KISSing my site01.07.2018
Some time ago I migrated this very website from Wordpress to Jekyll. During the process I not only enjoyed discovering how simple a personal site can be (again), but even felt… the spirit of liberty.
I’ll put the “freedom” part first. I always preferred to keep my content on a server I own (or rather: rent - I’m paying for basic, cheap shared hosting and was an adopter of free ones (60free by OVH, anyone?)).
You should do that, too.
I’d say if you care for what you say or show online, you should also do your best to protect it from (accidental/service end-of-life) loss, arbitrary moderation or account hacking. Massive, centralized portals won’t give you this. I understand using Facebook or Medium for spreading your idea or piece of writing, but I wouldn’t make it “canonical” (primary) source of truth.
In the case your content doesn’t matter to you - what’s the point of posting it in the first place?
Of course hosting providers also dissapear (I’m desperately thinking about my parkour team’s website I kept on webpark.pl, now existing only on Schrödinger’s CD at my family house). Backup services retire (I fleed from Ubuntu One, and lately I worried a little about hubiC). But you can always freely move your data without worrying how to structure it or how many characters your thoughts need to fit within.
I’m thinking about another funny effect of letting Facebooks of today web die as a place we put all our activity on: the renaissance of custom, personal websites linked together. Instead a few “to-go” services that feed us with content, we would pick a bunch of individual addresses to follow and check once in a while. Add hyperlinks and we would learn how to waste time online again - how cool is that?
Back to technical matters, I managed to cut out PHP + MySQL parts entirely. Similar to fixie philosophy - the less “moving parts” you have, the less probable a breakdown is.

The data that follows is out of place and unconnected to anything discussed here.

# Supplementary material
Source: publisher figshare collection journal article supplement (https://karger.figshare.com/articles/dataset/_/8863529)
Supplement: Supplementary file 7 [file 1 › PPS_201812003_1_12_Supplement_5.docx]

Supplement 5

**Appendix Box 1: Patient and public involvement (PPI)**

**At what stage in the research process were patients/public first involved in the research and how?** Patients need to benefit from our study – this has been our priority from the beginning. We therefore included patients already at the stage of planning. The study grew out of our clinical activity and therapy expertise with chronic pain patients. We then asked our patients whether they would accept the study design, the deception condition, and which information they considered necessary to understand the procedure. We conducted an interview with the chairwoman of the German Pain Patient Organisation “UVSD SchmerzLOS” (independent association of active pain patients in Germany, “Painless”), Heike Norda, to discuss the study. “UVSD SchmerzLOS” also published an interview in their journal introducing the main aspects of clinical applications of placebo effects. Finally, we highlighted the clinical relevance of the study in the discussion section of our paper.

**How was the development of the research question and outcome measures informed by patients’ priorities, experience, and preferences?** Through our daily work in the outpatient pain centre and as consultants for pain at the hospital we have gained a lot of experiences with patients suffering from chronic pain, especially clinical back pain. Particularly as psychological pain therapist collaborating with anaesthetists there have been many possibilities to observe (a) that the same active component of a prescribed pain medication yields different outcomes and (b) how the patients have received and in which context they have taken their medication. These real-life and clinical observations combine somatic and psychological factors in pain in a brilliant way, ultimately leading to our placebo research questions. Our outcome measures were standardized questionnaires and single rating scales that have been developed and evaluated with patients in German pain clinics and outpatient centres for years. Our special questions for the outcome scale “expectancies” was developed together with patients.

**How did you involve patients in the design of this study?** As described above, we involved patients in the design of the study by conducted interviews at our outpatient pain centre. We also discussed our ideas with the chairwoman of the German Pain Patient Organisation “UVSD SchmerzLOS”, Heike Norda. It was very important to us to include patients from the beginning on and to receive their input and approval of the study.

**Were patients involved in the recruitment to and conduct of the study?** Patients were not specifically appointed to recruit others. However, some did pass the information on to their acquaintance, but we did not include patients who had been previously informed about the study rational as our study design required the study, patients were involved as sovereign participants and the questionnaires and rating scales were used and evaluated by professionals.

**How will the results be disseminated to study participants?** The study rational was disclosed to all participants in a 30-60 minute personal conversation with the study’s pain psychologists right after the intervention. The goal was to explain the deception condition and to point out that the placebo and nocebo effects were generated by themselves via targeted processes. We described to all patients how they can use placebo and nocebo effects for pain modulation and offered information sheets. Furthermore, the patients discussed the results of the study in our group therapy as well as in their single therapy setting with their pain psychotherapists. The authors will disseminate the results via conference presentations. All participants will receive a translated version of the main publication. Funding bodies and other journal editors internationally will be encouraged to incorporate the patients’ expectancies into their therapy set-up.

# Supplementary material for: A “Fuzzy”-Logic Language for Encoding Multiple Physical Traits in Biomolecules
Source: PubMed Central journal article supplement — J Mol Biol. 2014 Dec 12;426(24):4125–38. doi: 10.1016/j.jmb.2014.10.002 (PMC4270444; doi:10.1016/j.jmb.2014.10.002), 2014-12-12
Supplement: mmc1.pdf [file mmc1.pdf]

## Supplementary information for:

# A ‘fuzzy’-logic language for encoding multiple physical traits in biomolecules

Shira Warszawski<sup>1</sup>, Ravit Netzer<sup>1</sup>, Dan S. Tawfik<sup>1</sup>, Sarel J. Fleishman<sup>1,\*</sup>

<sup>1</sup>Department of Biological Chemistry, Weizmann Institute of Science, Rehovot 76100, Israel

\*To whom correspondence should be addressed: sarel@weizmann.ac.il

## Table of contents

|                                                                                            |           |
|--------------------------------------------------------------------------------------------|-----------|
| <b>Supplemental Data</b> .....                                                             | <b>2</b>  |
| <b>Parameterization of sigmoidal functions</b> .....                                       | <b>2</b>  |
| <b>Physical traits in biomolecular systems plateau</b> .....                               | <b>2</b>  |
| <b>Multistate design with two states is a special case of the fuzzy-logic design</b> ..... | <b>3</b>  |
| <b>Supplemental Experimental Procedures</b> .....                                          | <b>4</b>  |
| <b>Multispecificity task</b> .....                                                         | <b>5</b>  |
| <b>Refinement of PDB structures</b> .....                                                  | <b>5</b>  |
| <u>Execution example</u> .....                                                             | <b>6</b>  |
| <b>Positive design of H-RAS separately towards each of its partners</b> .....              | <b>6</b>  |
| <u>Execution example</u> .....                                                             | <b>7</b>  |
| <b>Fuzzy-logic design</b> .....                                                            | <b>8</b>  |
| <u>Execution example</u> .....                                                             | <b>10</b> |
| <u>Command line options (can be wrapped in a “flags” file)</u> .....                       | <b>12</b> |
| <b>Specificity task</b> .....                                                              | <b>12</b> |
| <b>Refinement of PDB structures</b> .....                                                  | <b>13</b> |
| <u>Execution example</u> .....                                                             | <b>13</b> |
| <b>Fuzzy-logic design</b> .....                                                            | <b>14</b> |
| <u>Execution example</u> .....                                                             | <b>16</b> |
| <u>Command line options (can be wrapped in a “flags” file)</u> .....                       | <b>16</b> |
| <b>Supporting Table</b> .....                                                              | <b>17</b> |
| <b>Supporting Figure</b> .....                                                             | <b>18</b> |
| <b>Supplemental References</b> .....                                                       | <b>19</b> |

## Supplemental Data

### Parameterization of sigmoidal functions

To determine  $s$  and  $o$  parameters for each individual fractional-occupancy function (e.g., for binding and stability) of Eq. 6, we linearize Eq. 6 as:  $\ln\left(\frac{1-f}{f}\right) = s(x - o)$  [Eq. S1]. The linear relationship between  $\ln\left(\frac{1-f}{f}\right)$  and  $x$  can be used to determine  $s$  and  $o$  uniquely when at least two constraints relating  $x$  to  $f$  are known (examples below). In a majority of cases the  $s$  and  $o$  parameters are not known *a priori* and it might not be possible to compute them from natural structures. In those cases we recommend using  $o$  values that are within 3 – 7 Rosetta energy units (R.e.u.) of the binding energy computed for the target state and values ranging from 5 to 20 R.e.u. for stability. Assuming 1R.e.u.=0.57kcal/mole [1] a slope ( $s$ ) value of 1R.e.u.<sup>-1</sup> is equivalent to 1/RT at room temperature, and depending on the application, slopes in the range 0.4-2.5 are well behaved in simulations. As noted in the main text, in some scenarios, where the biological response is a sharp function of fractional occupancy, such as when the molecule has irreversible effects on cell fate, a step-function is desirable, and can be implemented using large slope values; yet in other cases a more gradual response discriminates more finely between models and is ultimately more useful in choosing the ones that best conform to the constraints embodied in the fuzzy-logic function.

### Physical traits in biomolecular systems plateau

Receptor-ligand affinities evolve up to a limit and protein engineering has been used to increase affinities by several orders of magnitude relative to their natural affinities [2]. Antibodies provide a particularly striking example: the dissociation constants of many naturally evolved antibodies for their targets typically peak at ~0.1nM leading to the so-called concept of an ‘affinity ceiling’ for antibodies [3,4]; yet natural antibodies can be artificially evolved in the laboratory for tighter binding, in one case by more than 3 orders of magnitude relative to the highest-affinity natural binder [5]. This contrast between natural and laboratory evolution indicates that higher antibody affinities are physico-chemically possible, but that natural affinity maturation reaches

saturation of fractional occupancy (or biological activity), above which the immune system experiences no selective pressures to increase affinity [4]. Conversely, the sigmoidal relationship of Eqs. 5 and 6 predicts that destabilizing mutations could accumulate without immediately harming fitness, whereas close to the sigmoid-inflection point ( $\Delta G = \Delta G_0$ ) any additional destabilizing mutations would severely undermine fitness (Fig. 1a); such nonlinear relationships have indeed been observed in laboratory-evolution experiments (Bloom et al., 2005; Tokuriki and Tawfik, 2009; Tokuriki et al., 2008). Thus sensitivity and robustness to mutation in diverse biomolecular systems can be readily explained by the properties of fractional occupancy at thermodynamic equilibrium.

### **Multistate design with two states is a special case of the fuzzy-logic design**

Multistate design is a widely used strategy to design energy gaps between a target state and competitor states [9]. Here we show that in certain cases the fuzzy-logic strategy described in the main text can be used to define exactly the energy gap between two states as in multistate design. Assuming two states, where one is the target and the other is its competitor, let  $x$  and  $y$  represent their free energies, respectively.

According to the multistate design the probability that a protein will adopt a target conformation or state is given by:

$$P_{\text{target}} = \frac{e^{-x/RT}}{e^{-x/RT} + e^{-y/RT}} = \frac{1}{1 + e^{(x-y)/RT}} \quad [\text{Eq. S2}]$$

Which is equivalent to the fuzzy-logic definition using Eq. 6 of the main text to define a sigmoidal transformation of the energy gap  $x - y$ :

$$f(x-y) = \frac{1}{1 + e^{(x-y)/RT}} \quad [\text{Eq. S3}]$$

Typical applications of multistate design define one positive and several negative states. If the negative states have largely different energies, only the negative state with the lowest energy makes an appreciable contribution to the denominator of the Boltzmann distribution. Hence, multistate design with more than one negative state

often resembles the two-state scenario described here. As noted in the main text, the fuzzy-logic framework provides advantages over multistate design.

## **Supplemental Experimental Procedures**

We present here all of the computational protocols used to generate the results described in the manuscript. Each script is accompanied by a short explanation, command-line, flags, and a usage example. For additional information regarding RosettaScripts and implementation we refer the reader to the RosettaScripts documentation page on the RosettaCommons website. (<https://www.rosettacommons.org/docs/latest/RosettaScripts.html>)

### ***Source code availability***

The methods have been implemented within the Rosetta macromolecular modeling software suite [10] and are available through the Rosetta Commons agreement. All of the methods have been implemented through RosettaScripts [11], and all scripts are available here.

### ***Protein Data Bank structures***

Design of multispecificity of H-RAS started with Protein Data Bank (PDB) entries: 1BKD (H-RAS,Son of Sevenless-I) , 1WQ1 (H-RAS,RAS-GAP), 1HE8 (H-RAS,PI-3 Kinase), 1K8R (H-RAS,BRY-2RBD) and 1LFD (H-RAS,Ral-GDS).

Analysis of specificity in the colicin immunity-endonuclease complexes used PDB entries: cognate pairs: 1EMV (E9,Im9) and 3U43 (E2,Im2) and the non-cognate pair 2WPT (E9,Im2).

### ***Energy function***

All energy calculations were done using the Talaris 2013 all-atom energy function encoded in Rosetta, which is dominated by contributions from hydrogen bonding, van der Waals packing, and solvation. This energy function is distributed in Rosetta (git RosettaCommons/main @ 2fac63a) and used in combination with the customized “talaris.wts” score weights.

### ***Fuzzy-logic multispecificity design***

Due to my commitment to dead-low hosting expenses, I have limited number of available databases. Heck, I need to juggle them when I feel like creating a project that uses MySQL (I know, I know - I’ll eventually upgrade to VPS). Jekyll is a huge win - because it generates 100% static pages, the content lives where I believe it should - in plain text files.
Smashing Magazine had a fascinating case of its own conversion to static/serverless workflow. It turned out to handle pretty sophisticated cases, in example where posting comment triggers rebuild and deploy of the commented article, or where specific content parts are updated through git pushes coming from authors.
Alike Smashing Magazine, I used to run my website on WordPress. This engine is known as de-facto standard for blogging, and from perspective I think I chose WP based on the brand rather than educated decision. My main considerations regarding “then vs. now” functionality are:
- The built-in WordPress visual editor looks attractive and easy. But I remember switching to text mode often to make corrections because I wasn’t happy with generated markup (empty paragraphs, boundaries of styled elements). Writing markdown is no worse than that; and after a bit of practice it even feels more WYSIWYG than editor.
- One of the most popular WordPress plugins (with over 2 million installs) is WP Super Cache, which… serves users pre-generated HTML files. The plugin docs predicts that static content would be presented to “the vast majority of your users” (as much as 99%). If so, is it worth to mantain server-side scripting with its overhead for the needs of the few power/commenting users?
If you use WP Super Cache plugin, please consider turning your website into fully static one.
Remember the probably-lost-forever parkour website I mentioned earlier? In junior high school it was my IT project for an extra grade. I handed it over on a floppy. Not to mention that I only needed to worry about fitting vanilla content on a disk (no framework necessary), running it was trivial for my teacher. Would I get an A if it wasn’t static one?
For me the case was simple. I had 0 comments before, so I didn’t consider any discussion plugin at all. I don’t mind getting e-mail or Twitter message in response to my writing.
Your mileage may vary, though. The discussion itself can become a piece of information that extends the base content and is worth “owning”. There are options for running a commenting server detached from the website. I’ve also seen disputes that consisted of multiple posts on two blogs - I like this way especially because it allows more structured and insightful discussion.
Imagine my surprise when I noticed “Add analytics” note on my TODO list. I feel the Google’s service is being plugged into everything by default, just like jQuery used to be “must-have” for interactivity or WordPress is treated like “silver bullet” for blogs.
In a typical article-based website, backend is on an exclusive service for the content. The quality of writing, UX, SEO, even the author’s personality all have greater influence on site success than the technological stack behind it. In such scenarios, all the complexity we add is often less than optimal use of our time. For me MISSing (as in “Make”) my website made me more focused on the value that perfecting my CMS, plugins or deploy process simply wouldn’t deliver. I know I want to “K” it like this.